Tourism is one of the world’s largest Industries. Yet few of the tourist's dollars remain in the local economy. In Kenya, it was found that only $7 million of the $300 million generated by parks was returned to them.
Kovalam, in Kerala, threw open it’s beaches to tourists all over the world in the early eighties. That resulted in an unprecedented boom and the dollars greatly boosted the local economy of the small fishing village.
However, within 20 years, the boom mysteriously went bust and tourists stopped coming to the palm-lined sandy beaches of Kovalam. Local tour operators were stumped. There were no obvious economic factors at play and neither were tourist tastes changing.
Soon, they zeroed in on the problem. Accumulating mounds of waste around the village centre were chasing the tourist away. While everyone was busy cleaning the beaches to attract more tourists, there were no waste management plans for the rest of the areas. So at the end of the great tourist boom, Kovalam was just left with a lot of rubbish.
Increasing dependence on tourism
And the rest of the developing world should take note of the Kovalam example. For, tourist desires are shifting and destinations like Europe and North America are becoming less dominant in the international market. Visits to Asia, Africa, and elsewhere in the developing world have increased dramatically in the last 25 years. One in every five international tourists now travels from an industrial country to a developing one, up from one in 13 in the mid-1970s.
So, all over the the developing world, governments are pumping money into tourism infrastructure projects like roads and hotels. They are offering promotional assistance as well as economic incentives. In fact, by luring tourist dollars, they want to diversify their economies and attract the foreign exchange needed to reduce heavy debt burdens, pay for imports, strengthen domestic infrastructure, and boost social services like education and health care. The World Bank and International Monetary Fund are behind many of these efforts.
Developing countries are banking on the fact that tourism can be more lucrative and less resource-intensive than growing a single cash crop or pursuing traditional industries like mining, oil development, and manufacturing. A study found that tourism is significant or growing in all but one of the 12 countries that are home to 80 percent of the world’s poor — including Brazil, China, Indonesia, Nepal, Peru, and the Philippines. Many countries rely heavily on tourism to boost their economies. In fact, for the world’s 49 so-called least developed countries, most of which are in Africa or Asia, tourism is one of few ways to actually participate in the global economy.
“Leakages” back to the West
But the economics aren’t as simple as that. Already, around half of the tourism revenue that enters the developing world “leaks” back out — through profits earned by foreign-owned businesses, promotional spending abroad, or to pay for imported labor and goods. What this means that if an American tourist comes to India in an American plane, stays in an American-owned star hotel and only buys American products (like Pepsi and Coke for example), then it is but natural that the American economy will benefit more than the Indian one. For he is also leaving behind his huge ecological footprint on Indian soil.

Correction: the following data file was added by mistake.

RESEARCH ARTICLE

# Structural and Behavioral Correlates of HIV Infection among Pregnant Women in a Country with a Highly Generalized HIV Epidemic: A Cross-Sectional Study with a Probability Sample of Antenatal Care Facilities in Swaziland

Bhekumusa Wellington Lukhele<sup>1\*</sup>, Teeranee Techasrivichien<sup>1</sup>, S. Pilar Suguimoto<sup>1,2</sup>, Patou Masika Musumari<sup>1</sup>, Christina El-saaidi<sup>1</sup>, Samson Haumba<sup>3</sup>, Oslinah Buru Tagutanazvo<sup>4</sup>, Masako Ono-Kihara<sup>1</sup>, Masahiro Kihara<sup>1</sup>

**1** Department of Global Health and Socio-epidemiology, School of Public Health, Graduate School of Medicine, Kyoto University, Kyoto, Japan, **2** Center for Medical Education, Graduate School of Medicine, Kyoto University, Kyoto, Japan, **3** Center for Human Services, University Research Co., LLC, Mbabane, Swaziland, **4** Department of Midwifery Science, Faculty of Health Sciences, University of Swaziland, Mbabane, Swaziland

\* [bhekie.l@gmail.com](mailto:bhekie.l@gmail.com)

It has been estimated that in the Caribbean countries, up to 70 percent of tourism earnings go toward acquiring imports — from skilled staff to food and consumer goods!
Who really benefits?
Also, tourism has an uneven impacts on indigenous cultures, of which there are so many in the developing and underdeveloped orld. On the plus side, tourism revenue can help to meet the basic needs and help sustain local communities. But more often than not, many indigenous communities end up as passive participants in ventures that are promoted and run from the outside, leaving them little say in the changes that tourism brings.
Another factor is that where do the tourist dollars actually end up? Do they help the habitats on which they are dependant or do they end up only in the pockets of local elites and multinationals.
It has been estimated that in the Caribbean countries, up to 70 per cent of tourism earnings go toward acquiring imports — from skilled staff to food and consumer goods!
For example, in Kenya, it was found that only $7 million of the $300 million generated by parks was returned to them. That was found to be woefully inadequate. The story is the same with most parks in developing countries. Further, they are grossly overcrowded and charge woefully inadequate entry fees to foreign visitors.
What needs to be done?
Industry groups, NGOs and the public have to be more aware and pro-active to promote sustainable tourism.
In the case of Kovalam, in February 2001, activists and local groups launched “Zero Waste Kovalam, a project that aims to convert the village into a zero-waste community by incorporating strategies of reduction, recycling, and reuse into the various waste streams.
Similarly, local groups convinced the Mexican government to revoke permits for five hotel companies to build resorts, golf courses, and other facilities at X’cacel, a 165-hectare stretch of beach south of Cancun that is home to 40 protected species.
Governments should ensure that foreign tourists follow strict visitor rules and regulations, buy local food and crafts and stay in lower-impact lodging. For the local economy and people to benefit tourism needs to be managed and operated by local communities as far as possible.